A Hole In The Planet's Magnetic Field Caused A Rare Pink Aurora Over Norway

The northern lights, also known as the aurora borealis, are beloved by both scientists and casual viewers alike (via Space.com). It's believed that famed astronomer Galileo Galilei is the one who came up with the name "aurora borealis." However, aurora borealis is a term that is used for North Pole phenomena only. At the South Pole, this event is referred to as aurora australis (per the Deseret News). As The Old Farmer's Almanac explains, these auroras create a colorful display that glows in the night sky. These colors can include green, blue, purple, red, and yes, even pink.

According to Live Science, pink is seldom seen in aurora light shows. But in early November 2022, Markus Varik, a tour guide for the Norwegian-based Greenlander tour company, was lucky enough to see and digitally capture the pink auroras (via Twitter). He told the publication, "These were the strongest pink auroras I have seen in more than a decade of leading tours." He added, "It was a humbling experience." Varik was bewildered by the pink auroras and went on to say (via SpaceWeather.com), "I thought I had seen it all." He explained, "The pink color was bright and obvious to the naked eye. My entire group was stunned."

The pink auroras were formed by a crack in the earth's magnetic field

NASA explains that auroras are caused by the sun, which sends energy and other particles to Earth. The Earth's magnetic field usually protects the planet from this. However, this is not completely foolproof. Sometimes, solar storms may occur that send electrified gas and particles toward Earth at high speed. These can meet at the magnetic field lines at both the North and South Poles, and the outcome of this impact is colorful auroras. IFLScience reports that the pink auroras were also the aftermath of a solar storm. Ultimately, this storm caused a hole in the Earth's magnetic field.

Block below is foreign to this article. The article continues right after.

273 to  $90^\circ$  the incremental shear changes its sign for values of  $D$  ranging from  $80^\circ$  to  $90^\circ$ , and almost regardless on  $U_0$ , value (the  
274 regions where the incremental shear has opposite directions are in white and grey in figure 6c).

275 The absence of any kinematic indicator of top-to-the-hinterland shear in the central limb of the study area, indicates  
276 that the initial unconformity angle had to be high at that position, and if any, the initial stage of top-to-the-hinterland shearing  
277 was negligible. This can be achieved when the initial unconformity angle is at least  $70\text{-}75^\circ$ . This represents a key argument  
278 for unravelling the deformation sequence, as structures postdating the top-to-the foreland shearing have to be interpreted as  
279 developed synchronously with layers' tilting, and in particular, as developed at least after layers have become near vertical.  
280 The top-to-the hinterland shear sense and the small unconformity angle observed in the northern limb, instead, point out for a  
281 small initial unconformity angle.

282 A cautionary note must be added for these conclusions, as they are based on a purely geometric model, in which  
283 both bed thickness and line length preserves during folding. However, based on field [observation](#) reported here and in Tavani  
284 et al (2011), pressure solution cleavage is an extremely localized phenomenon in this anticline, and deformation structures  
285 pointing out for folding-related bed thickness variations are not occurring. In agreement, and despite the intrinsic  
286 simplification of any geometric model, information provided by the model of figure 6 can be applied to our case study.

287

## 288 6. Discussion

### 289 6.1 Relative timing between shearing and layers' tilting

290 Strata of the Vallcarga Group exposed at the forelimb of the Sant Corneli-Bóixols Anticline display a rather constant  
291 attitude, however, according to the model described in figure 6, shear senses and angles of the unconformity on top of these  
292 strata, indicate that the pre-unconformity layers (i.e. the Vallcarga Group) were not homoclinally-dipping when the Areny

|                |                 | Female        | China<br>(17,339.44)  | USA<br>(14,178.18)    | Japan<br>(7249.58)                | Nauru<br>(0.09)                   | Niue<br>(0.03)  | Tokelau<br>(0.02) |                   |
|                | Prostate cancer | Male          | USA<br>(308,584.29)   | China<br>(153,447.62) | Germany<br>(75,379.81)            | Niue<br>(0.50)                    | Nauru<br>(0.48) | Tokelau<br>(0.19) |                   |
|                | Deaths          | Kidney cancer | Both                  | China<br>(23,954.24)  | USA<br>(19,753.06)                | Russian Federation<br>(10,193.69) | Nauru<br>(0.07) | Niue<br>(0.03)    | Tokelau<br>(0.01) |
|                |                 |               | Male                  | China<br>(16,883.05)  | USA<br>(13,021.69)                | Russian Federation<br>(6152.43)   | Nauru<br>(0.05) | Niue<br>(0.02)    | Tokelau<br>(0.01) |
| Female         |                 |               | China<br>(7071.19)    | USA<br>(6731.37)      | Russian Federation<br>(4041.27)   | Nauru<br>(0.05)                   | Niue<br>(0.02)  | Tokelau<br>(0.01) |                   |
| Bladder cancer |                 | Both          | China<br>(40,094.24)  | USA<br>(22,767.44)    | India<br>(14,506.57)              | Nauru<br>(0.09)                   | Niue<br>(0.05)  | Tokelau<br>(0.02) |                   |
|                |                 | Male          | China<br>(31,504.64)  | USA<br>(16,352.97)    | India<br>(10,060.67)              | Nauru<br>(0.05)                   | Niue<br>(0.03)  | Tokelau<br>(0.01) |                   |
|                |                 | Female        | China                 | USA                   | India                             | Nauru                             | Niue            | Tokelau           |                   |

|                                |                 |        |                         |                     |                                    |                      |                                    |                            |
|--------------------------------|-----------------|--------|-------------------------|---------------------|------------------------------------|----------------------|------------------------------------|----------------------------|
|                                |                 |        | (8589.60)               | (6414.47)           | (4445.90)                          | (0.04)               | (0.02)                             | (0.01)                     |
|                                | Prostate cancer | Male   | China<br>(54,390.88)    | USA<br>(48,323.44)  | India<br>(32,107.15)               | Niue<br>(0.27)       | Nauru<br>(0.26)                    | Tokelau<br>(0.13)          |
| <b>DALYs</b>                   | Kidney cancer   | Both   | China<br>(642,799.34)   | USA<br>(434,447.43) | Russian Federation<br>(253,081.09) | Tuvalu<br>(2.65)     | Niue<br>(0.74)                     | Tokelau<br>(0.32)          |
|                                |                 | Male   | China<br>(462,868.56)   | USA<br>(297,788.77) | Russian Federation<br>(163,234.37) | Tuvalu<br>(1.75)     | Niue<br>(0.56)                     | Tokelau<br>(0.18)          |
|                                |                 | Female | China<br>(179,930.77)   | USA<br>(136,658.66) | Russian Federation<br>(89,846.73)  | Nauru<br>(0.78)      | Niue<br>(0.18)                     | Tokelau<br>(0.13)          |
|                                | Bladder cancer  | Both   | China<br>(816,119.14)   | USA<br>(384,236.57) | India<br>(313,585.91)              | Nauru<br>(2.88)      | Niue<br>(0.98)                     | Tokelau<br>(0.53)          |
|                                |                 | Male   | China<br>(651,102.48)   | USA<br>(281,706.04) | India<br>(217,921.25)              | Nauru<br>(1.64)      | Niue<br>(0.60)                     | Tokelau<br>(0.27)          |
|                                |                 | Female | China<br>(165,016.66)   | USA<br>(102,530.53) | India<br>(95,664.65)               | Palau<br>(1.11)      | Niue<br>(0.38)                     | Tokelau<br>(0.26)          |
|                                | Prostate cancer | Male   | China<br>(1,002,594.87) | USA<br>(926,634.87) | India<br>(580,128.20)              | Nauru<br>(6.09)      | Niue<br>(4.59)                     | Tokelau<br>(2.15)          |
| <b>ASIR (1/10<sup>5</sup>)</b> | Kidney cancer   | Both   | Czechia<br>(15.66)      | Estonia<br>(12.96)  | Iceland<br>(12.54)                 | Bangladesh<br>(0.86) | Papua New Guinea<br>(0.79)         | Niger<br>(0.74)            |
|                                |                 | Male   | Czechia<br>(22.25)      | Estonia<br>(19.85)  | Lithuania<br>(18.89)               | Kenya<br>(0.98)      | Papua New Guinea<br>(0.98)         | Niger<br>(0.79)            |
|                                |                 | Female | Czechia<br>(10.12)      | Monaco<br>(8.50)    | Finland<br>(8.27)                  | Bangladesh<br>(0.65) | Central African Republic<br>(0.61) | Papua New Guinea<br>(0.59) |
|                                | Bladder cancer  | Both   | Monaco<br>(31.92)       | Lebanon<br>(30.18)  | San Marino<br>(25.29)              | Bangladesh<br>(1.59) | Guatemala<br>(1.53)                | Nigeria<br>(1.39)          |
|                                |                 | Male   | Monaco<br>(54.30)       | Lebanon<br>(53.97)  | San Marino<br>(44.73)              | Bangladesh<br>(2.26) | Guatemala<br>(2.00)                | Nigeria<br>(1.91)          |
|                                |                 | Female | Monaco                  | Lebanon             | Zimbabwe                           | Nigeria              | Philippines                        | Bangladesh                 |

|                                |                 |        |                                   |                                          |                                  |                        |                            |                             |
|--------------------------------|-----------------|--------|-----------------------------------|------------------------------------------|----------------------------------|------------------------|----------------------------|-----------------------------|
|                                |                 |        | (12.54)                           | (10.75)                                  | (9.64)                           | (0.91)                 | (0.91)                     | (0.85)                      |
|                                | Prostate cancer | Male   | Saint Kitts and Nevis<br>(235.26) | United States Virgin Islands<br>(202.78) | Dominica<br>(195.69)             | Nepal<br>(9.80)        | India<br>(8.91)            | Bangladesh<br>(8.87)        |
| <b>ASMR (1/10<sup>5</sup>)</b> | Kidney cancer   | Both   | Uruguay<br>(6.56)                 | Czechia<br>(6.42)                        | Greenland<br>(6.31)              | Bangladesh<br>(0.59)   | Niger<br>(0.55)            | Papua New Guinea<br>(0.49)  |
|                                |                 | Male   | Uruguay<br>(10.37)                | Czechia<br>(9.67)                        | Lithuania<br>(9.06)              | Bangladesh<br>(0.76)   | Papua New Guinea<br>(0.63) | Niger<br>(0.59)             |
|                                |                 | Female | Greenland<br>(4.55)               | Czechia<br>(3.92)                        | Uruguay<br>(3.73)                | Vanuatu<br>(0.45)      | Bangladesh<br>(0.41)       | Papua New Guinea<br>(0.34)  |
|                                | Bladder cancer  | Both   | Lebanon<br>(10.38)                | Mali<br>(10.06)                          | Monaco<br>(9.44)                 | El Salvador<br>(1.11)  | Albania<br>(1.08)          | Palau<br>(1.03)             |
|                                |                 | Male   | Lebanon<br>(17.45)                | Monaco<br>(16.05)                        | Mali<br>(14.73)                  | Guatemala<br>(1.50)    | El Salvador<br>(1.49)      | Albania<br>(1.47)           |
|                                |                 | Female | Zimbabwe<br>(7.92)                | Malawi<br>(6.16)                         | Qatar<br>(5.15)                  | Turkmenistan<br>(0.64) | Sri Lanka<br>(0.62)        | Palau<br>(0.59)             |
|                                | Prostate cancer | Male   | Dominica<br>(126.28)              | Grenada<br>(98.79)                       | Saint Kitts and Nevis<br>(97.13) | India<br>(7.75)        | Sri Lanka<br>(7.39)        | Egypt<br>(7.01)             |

In this case, Live Science states that the electrified particles traveled so fast that they were able to get deeper into the atmosphere, resulting in the beautiful pink auroras. According to SpaceWeather.com, the conditions that caused the pink auroras were labeled a G1-class geomagnetic storm. In simple terms, it's harmless but leads to the formation of the aurora lights. Furthermore, this phenomenon happens to occur at the North and South Poles because the Earth's magnetic field tends to be weaker at these locations. Nevertheless, NASA notes that auroras can and do happen on other planets, including Saturn and Jupiter.

The pink auroras are produced by nitrogen

According to Live Science, green is often the color associated with auroras. The publication explains that this is due to oxygen particles, which can commonly be found where solar particles reach the atmosphere. SpaceWeather.com notes that this is 100 km to 300 km (or 62 to 186 miles) above the Earth's surface. But as previously mentioned, the auroras can be various hues like blue, purple, and red (via The Old Farmer's Almanac). Per the Government of Canada, the colors depend on different components. This includes altitude, the atmosphere's density, the gasses in the atmosphere, and the amount of energy. For example, red is also caused by oxygen particles.

However, the collision between the solar and oxygen particles occurs at a higher altitude, resulting in the red tint. NASA reports that nitrogen causes the auroras to turn blue or purple. The Government of Canada adds that hydrogen and helium can also produce these colors. As for the colors pink and dark red, nitrogen is to blame. During the G1-class geomagnetic storm, SpaceWeather.com writes that the solar and nitrogen molecules smashed into each other below 100 km (62 miles). Thus, Live Science states that the auroras turned a glowing shade of pink.